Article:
The Vietnamese Mekong Delta province of An Giang plans to reduce its poverty rate from 2.63 per cent to less than two per cent by the end of this year, said the provincial People’s Committee.

Poverty measurements are based on the national multi-dimensional approach which includes per capita income and access to basic social services such as education, health care, housing, clean water, hygiene condition and information.

To meet poverty reduction targets this year, An Giang – also known by its Khmer name Moat Chrouk – will spend more than 1.13 trillion dong ($38.2 million) for the national target programme on sustainable poverty reduction.

The money will be from the central government’s budget, the province’s budget, loans from the Bank for Social Policy, the Fund for the Poor, and other sources.

This year, the province, which borders Cambodia’s Takeo and Kandal provinces, will focus on improving living conditions and access to social basic services for the poor and near-poor.

The policies include soft loans, health care, education, housing, electricity, jobs, vocational skills and legal issues.

In the health care sector, the province will invest more in facilities and human resources at the grassroots level and ensure that all poor people are provided free health insurance cards this year.

The province will help 1,088 poor households rebuild dilapidated houses this year.

Provincial People’s Committee deputy chairman Le Van Phuoc said this is the last year of the province’s five-year socio-economic development plan (2016-2020), so the province will tighten measures to meet the targets of the national target programme on sustainable poverty reduction.

An Giang will build roads, schools, medical stations, small irrigation projects and clean water projects, especially in ethnic, mountainous and border communes, this year.

Of the 29 ethnic minorities in the province, Khmer, Hoa and Cham are the three major ethnic groups.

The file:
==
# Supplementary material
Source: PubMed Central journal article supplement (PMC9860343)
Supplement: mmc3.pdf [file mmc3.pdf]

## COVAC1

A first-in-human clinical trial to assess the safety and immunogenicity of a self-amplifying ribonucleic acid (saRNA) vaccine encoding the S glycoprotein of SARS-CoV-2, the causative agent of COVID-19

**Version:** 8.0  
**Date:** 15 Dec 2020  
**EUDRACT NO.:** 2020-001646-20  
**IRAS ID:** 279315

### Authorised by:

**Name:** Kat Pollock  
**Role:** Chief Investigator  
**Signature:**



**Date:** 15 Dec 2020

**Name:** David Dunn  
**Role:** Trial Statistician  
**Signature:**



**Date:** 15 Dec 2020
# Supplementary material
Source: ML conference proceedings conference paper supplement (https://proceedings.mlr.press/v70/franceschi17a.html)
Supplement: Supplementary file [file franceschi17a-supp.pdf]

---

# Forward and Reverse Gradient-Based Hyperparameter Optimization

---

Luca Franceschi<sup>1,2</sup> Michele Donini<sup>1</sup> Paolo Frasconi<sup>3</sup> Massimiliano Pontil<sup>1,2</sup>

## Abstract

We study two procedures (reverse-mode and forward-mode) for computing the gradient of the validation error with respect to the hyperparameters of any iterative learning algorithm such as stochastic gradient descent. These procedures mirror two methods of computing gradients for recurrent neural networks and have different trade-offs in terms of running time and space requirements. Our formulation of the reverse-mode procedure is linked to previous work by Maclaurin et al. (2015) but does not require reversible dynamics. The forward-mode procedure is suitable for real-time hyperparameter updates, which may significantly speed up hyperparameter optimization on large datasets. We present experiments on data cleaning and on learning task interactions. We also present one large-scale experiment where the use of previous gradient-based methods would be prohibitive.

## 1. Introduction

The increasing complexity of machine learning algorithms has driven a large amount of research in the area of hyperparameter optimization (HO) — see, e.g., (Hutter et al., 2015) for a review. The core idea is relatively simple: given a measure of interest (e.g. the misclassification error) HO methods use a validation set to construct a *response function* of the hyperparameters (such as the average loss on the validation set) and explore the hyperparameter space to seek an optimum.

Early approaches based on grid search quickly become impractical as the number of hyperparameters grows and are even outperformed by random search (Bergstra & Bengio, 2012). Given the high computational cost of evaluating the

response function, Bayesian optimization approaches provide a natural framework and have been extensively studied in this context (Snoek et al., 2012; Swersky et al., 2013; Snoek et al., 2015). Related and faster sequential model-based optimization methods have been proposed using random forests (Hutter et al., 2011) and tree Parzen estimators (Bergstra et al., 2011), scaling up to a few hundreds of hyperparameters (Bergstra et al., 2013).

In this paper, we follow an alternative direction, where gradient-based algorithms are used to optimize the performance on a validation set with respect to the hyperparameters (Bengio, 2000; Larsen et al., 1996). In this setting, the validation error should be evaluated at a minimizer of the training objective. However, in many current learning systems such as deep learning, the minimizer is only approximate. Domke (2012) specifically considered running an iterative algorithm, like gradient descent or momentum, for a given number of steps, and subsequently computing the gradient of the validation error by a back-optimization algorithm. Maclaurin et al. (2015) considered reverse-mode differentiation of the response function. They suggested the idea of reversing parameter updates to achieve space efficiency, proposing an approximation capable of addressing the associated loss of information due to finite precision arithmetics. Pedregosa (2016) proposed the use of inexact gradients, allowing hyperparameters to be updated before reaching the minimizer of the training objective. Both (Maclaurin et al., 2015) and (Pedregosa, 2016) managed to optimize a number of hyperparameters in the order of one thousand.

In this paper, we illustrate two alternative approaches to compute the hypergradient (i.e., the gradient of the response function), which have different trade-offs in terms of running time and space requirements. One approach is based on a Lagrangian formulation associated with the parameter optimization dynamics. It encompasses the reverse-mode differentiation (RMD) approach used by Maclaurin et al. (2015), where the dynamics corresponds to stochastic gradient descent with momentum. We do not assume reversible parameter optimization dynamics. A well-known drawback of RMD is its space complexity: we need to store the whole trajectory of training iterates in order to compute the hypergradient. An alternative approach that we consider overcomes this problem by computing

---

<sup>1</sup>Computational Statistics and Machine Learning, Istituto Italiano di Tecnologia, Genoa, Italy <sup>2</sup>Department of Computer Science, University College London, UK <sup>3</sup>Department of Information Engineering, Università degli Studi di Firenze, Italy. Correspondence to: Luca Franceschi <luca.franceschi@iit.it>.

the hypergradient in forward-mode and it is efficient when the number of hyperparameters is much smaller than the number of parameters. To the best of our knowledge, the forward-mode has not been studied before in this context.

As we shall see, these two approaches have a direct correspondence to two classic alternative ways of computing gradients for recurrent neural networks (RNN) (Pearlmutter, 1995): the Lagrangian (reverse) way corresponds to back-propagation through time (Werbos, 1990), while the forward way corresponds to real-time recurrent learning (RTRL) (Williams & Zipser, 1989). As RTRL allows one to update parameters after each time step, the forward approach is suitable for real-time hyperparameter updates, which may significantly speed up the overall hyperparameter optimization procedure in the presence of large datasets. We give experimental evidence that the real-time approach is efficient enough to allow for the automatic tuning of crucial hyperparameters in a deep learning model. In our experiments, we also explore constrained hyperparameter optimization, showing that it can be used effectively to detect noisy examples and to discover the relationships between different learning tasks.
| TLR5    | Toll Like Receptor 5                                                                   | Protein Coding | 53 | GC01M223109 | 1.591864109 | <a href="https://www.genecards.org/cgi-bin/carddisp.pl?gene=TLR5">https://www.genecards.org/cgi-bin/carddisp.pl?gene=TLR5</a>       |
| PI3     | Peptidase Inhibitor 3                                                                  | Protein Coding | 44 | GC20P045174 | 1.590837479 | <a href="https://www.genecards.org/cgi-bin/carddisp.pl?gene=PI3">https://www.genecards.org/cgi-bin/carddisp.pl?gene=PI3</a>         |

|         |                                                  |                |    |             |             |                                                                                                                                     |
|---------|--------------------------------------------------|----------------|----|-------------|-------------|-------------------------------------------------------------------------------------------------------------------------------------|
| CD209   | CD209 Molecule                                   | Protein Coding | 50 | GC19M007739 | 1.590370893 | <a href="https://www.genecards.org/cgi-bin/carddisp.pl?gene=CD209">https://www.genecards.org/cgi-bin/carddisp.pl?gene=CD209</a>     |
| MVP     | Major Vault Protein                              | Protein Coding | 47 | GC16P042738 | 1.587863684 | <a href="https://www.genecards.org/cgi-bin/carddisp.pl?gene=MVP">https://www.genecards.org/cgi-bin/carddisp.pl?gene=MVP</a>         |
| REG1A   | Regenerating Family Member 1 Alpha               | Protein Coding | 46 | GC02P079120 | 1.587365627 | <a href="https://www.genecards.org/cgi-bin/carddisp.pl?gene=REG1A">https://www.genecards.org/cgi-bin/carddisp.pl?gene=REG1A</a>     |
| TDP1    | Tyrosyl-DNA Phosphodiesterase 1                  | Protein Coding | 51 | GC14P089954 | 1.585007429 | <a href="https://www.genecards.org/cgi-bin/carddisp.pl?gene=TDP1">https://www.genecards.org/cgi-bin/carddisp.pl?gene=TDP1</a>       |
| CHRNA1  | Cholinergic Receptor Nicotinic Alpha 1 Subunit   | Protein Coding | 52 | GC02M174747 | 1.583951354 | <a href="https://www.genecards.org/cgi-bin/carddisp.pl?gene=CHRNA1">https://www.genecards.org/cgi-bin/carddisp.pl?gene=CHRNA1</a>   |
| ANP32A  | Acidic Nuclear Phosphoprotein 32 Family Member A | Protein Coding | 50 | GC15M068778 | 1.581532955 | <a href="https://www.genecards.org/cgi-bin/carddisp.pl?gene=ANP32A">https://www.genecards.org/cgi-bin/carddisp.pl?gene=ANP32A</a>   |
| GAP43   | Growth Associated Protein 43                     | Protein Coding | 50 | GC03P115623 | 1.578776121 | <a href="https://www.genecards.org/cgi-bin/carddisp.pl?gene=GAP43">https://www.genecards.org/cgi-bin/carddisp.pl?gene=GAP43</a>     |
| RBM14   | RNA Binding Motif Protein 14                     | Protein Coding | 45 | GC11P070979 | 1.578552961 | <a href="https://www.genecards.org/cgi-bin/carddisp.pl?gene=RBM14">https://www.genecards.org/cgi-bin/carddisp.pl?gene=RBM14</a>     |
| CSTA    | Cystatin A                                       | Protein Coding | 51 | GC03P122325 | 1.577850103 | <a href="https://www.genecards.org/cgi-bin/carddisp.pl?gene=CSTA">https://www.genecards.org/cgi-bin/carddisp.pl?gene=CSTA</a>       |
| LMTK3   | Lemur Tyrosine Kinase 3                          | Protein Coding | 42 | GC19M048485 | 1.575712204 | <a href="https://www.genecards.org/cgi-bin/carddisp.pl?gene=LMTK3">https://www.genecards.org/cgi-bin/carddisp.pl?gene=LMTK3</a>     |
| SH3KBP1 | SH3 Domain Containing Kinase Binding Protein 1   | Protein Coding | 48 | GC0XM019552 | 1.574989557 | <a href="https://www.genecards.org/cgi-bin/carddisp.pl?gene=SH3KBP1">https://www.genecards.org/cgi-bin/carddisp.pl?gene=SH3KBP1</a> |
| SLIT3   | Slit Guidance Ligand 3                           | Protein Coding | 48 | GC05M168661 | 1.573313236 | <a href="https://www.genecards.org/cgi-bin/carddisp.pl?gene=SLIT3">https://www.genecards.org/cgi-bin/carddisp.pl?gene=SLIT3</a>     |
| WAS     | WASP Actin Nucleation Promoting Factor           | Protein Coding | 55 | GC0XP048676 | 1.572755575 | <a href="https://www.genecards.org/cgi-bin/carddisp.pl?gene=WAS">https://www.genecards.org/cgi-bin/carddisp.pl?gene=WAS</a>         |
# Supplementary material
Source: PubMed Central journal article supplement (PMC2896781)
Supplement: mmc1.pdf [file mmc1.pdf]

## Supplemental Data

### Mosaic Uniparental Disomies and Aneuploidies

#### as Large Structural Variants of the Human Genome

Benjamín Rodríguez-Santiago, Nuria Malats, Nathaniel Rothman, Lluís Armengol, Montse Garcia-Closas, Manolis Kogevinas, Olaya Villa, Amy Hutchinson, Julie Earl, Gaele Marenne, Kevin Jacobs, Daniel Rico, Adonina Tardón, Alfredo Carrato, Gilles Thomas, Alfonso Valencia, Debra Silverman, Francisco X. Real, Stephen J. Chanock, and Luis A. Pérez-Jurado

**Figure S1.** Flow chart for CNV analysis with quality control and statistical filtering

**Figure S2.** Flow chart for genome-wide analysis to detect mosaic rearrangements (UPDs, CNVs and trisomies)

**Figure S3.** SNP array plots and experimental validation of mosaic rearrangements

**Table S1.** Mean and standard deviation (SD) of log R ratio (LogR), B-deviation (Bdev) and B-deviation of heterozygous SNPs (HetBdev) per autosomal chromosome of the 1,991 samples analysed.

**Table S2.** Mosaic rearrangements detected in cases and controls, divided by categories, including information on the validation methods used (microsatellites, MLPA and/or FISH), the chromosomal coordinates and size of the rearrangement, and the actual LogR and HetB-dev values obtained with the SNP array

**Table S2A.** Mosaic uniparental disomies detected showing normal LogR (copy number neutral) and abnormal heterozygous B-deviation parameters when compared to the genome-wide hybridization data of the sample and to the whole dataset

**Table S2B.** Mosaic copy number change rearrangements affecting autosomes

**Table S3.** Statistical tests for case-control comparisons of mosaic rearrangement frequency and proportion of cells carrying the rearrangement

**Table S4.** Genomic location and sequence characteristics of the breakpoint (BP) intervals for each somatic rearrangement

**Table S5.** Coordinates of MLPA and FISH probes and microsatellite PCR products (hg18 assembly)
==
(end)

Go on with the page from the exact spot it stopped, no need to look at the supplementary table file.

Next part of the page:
This year, the province will implement projects that will help the poor develop agricultural production, diversify livelihoods and expand effective poverty reduction models.

Located at the upstream areas of the Tien and Hau rivers, which are two tributaries of the Mekong River, An Giang has favourable conditions for developing agriculture, tourism and trade, and services.

In the past, many poor households in the province escaped poverty after they were provided soft loans and other assistance.

In Phu Tan, an agrarian district, authorities have given instructions on animal breeding, vegetable cultivation and small trade to poor and near-poor households, and helped them access soft loans.

Giap Tam Hiep’s family, which used to be a near-poor household in Phu Tan’s Phu Long commune, received a soft loan for breeding eels and then breeding cows for meat.

His family escaped their near-poor situation two years ago and now have a stable life as they breed 10 cows and his wife sells fish at the market, he said.

“My family can now save 10 million dong a month. I no longer need to go to the city to find a job,” he said.

Phu Tan Bureau of Labour, Invalids and Social Affairs head Vo Thanh Tung said the district has helped more than 8,000 poor and near-poor households to access soft loans worth a total of more than 130 billion dong since 2015.

About 90 per cent of the households have used soft loans effectively and have achieved sustainable incomes, he said.

The district had 1,164 poor households at the end of last year, accounting for 2.2 per cent of its total households.